“Do not give this instruction if corroboration is required, such as in Penal Code, § 1103a (perjury);  § 1108 (abortion or enticement for prostitution);  § 1111 (testimony of accomplice);  and § 653f (solicitation to commit felony).”

One year later, in its 1977 revision, the CALJIC committee, for unstated reasons, revised the instruction by inserting bracketed language.   In this revised form it read:  “Testimony which you believe given by one witness is sufficient for the proof of any fact.   However, before finding any fact [required to be established by the prosecution] to be proved solely by the testimony of such a single witness, you should carefully review all the testimony upon which the proof of such fact depends.”  (CALJIC No. 2.27 (4th ed. 1979).)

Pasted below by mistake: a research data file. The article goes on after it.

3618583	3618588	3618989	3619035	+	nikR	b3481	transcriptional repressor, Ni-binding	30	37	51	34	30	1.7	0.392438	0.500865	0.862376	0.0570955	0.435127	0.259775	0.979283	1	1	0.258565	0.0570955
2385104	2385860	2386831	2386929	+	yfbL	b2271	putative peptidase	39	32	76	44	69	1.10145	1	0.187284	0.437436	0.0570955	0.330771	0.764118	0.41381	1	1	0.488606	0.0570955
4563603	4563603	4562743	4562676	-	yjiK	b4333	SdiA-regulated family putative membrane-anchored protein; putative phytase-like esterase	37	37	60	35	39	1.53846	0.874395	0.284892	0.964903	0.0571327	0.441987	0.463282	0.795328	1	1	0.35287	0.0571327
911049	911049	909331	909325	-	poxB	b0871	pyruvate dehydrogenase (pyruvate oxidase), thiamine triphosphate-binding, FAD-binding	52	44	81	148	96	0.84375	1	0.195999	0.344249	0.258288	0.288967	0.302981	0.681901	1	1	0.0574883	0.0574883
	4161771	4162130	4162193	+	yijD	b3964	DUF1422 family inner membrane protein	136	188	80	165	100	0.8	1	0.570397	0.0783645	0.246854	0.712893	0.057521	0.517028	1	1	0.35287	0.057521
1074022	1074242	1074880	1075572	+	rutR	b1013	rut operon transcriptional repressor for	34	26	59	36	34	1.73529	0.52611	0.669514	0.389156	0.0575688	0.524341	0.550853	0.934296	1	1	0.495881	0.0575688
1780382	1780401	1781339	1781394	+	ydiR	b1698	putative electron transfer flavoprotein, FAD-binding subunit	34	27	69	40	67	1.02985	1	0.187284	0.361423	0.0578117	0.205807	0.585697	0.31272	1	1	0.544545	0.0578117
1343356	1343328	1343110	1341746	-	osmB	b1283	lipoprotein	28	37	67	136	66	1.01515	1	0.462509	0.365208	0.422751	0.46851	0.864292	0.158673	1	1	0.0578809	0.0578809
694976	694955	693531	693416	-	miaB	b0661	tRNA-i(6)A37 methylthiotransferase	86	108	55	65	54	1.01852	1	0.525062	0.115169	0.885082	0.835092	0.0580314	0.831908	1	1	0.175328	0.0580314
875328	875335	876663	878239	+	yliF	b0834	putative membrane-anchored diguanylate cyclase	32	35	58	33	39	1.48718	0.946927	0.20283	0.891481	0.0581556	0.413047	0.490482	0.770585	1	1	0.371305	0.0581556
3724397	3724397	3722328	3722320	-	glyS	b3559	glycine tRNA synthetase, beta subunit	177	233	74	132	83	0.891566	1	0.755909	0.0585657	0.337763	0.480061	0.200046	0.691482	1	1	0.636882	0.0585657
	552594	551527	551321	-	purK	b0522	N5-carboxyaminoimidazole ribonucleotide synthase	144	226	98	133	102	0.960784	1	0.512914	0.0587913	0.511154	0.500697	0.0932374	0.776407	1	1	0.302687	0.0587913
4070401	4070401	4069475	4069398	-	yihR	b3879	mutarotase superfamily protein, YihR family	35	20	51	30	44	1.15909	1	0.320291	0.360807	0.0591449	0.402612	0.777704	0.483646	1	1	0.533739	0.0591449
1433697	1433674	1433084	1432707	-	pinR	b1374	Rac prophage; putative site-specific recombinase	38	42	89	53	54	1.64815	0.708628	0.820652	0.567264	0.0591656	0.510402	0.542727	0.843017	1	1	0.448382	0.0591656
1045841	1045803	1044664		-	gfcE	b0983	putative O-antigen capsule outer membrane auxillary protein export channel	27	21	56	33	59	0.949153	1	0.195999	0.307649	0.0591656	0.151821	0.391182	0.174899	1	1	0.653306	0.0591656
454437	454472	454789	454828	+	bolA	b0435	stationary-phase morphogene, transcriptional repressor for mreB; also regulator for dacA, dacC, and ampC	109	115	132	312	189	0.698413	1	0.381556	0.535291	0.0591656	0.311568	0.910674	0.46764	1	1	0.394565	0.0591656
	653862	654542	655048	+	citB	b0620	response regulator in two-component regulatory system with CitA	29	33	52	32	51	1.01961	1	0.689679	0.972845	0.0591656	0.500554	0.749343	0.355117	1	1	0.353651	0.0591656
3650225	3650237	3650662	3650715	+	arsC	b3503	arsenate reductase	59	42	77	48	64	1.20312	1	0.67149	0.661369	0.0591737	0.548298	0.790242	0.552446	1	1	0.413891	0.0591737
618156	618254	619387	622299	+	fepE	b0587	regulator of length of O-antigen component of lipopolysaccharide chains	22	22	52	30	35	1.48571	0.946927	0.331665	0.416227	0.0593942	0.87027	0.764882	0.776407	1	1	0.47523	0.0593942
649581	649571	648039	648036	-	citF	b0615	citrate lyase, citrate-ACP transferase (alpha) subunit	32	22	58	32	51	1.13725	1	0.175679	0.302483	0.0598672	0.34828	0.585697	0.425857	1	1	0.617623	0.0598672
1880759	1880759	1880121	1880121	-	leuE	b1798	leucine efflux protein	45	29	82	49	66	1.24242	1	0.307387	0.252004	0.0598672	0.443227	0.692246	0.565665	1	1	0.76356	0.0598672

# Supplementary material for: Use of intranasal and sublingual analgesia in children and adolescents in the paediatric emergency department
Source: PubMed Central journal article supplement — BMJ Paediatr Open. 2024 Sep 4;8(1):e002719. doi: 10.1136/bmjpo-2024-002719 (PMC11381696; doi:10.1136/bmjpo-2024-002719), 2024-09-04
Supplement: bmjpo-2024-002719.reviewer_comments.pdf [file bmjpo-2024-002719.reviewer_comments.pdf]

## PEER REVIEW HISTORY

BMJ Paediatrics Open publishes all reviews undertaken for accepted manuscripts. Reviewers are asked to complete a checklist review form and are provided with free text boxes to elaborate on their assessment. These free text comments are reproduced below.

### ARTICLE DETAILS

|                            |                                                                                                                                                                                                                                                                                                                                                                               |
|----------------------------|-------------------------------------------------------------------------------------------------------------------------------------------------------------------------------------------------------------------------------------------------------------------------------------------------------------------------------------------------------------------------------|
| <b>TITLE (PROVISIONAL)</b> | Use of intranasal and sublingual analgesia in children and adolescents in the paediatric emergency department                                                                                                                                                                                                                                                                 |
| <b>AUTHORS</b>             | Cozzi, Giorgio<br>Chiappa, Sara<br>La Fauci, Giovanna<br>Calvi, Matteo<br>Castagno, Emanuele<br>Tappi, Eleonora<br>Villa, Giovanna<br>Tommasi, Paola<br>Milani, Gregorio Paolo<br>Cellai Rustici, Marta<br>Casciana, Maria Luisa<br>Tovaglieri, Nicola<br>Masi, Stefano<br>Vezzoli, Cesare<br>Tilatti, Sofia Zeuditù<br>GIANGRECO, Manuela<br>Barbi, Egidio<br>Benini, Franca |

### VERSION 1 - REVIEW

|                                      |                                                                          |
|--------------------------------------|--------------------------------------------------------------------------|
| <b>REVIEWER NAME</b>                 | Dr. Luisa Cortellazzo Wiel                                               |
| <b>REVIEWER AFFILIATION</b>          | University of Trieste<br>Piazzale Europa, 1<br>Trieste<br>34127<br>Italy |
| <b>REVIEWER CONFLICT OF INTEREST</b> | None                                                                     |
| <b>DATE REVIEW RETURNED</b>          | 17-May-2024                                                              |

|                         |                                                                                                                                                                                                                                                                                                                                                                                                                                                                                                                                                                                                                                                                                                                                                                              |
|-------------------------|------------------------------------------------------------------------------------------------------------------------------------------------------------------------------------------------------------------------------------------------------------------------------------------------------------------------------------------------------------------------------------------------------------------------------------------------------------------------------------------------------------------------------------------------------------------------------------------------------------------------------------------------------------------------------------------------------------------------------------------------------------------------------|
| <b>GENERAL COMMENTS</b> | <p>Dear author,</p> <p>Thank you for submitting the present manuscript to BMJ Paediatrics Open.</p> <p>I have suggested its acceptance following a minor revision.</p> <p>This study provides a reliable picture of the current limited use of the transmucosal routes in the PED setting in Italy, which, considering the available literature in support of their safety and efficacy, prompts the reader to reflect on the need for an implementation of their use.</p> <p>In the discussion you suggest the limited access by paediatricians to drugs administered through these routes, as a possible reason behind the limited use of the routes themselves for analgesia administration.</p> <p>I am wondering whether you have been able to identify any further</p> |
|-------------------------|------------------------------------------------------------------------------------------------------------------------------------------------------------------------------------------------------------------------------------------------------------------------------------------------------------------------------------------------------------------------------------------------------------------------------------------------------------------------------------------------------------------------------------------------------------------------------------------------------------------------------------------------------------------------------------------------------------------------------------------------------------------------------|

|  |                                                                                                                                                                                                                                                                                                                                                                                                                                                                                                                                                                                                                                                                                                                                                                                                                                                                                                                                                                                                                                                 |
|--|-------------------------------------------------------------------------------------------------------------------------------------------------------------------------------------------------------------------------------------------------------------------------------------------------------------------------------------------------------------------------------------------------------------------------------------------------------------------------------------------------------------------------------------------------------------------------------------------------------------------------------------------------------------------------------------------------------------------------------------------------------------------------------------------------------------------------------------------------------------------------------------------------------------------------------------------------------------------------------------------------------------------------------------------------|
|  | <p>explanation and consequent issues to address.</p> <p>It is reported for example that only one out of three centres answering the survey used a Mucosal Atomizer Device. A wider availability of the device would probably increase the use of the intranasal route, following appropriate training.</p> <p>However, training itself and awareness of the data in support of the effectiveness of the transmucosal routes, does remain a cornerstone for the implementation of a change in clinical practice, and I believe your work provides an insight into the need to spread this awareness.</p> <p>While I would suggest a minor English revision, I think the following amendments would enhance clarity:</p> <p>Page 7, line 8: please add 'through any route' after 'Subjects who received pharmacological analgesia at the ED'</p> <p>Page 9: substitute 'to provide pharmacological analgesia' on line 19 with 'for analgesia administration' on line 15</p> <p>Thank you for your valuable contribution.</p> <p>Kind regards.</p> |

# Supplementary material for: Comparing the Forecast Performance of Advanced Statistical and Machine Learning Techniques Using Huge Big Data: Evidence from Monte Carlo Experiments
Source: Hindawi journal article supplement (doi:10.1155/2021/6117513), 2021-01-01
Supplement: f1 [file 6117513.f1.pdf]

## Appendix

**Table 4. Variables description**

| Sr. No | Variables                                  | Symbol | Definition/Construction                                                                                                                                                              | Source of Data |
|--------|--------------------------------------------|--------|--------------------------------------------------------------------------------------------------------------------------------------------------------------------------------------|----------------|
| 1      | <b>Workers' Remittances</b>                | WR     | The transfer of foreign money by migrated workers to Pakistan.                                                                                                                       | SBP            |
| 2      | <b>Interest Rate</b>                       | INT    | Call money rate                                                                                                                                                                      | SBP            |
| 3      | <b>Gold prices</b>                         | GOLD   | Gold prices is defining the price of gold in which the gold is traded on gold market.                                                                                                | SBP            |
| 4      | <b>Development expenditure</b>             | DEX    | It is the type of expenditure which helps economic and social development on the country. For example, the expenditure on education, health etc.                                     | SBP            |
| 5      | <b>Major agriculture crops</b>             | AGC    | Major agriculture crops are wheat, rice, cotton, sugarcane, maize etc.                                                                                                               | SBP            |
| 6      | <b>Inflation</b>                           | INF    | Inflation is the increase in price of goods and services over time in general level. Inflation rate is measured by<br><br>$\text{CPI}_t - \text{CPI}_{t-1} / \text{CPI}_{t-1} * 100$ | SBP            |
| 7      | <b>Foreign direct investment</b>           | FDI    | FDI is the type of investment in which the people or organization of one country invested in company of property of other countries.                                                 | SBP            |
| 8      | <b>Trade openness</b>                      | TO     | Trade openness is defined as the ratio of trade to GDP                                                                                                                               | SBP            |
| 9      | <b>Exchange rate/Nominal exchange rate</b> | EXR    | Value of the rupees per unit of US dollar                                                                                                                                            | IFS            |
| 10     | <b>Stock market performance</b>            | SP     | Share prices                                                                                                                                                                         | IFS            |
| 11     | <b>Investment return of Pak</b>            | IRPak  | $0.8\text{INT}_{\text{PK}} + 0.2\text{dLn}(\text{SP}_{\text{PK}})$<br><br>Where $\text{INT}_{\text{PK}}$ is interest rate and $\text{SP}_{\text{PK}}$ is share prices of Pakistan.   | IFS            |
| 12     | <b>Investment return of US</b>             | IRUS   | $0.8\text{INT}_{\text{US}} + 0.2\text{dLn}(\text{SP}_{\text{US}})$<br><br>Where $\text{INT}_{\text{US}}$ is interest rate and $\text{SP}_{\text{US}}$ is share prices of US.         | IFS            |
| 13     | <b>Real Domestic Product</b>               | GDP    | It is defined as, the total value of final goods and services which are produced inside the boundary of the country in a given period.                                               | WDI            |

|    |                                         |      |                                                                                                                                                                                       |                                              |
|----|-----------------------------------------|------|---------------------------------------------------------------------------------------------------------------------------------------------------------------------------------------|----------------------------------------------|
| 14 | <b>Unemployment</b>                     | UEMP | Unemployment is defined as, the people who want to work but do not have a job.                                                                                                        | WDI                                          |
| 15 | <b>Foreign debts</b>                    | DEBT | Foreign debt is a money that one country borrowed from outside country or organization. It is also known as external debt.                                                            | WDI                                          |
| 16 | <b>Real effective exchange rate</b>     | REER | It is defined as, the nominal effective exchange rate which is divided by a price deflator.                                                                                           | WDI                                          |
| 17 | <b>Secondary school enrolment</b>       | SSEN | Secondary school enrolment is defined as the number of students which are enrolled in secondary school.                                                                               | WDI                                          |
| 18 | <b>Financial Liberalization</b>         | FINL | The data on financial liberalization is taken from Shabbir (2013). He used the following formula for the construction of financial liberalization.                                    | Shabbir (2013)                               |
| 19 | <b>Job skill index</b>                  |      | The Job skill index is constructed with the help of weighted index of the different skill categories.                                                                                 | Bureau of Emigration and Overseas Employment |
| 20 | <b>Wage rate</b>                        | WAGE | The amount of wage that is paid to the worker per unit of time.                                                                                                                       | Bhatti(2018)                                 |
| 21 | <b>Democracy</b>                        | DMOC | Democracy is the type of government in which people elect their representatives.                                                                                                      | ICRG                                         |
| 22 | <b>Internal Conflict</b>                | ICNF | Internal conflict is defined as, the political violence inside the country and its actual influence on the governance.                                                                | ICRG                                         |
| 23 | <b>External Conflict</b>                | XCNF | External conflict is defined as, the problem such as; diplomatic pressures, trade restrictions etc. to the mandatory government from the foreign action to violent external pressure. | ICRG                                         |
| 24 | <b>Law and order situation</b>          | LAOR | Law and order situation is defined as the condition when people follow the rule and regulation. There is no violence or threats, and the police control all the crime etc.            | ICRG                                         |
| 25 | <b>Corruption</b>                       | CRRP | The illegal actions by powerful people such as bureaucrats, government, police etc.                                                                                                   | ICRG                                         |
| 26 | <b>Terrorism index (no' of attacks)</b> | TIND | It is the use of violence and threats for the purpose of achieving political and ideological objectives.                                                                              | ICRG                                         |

The 1977 revision use note retained the two 1976 paragraphs and added this third:  “Delete the bracketed clause only as to testimony by a single witness of defenses as to which the defendant has the burden of proof.”

No explanation was given or authority cited for this bifurcating amendment and accompanying use note.

In People v. McIntyre (1981) 115 Cal.App.3d 899, 176 Cal.Rptr. 3, the first post Rincon–Pineda case to consider CALJIC 10.21 and 2.27, the defendant contended that giving both instructions “unduly emphasized there was no corroboration needed” for the victim's testimony.  (Id. at p. 906, 176 Cal.Rptr. 3.)8  McIntyre rejected this claim, approved the tandem instructions, identical to those in the instant case, and portentously stated:

“It is apparent CALJIC No. 2.27 refers to reliability of all witnesses' testimony in proving a fact.   CALJIC No. 10.21, on the other hand, deals with the need (or lack of it) for corroboration of the victim's testimony in the act constituting the crime of rape.”  (Id. at p. 907, 176 Cal.Rptr. 3.)  (Emphasis added.)

People v. Jamison (1984) 150 Cal.App.3d 1167, 198 Cal.Rptr. 407, authored by the same District Four Justice who wrote McIntyre, agreed with its former decision and quoted with approval the excerpt we have quoted.9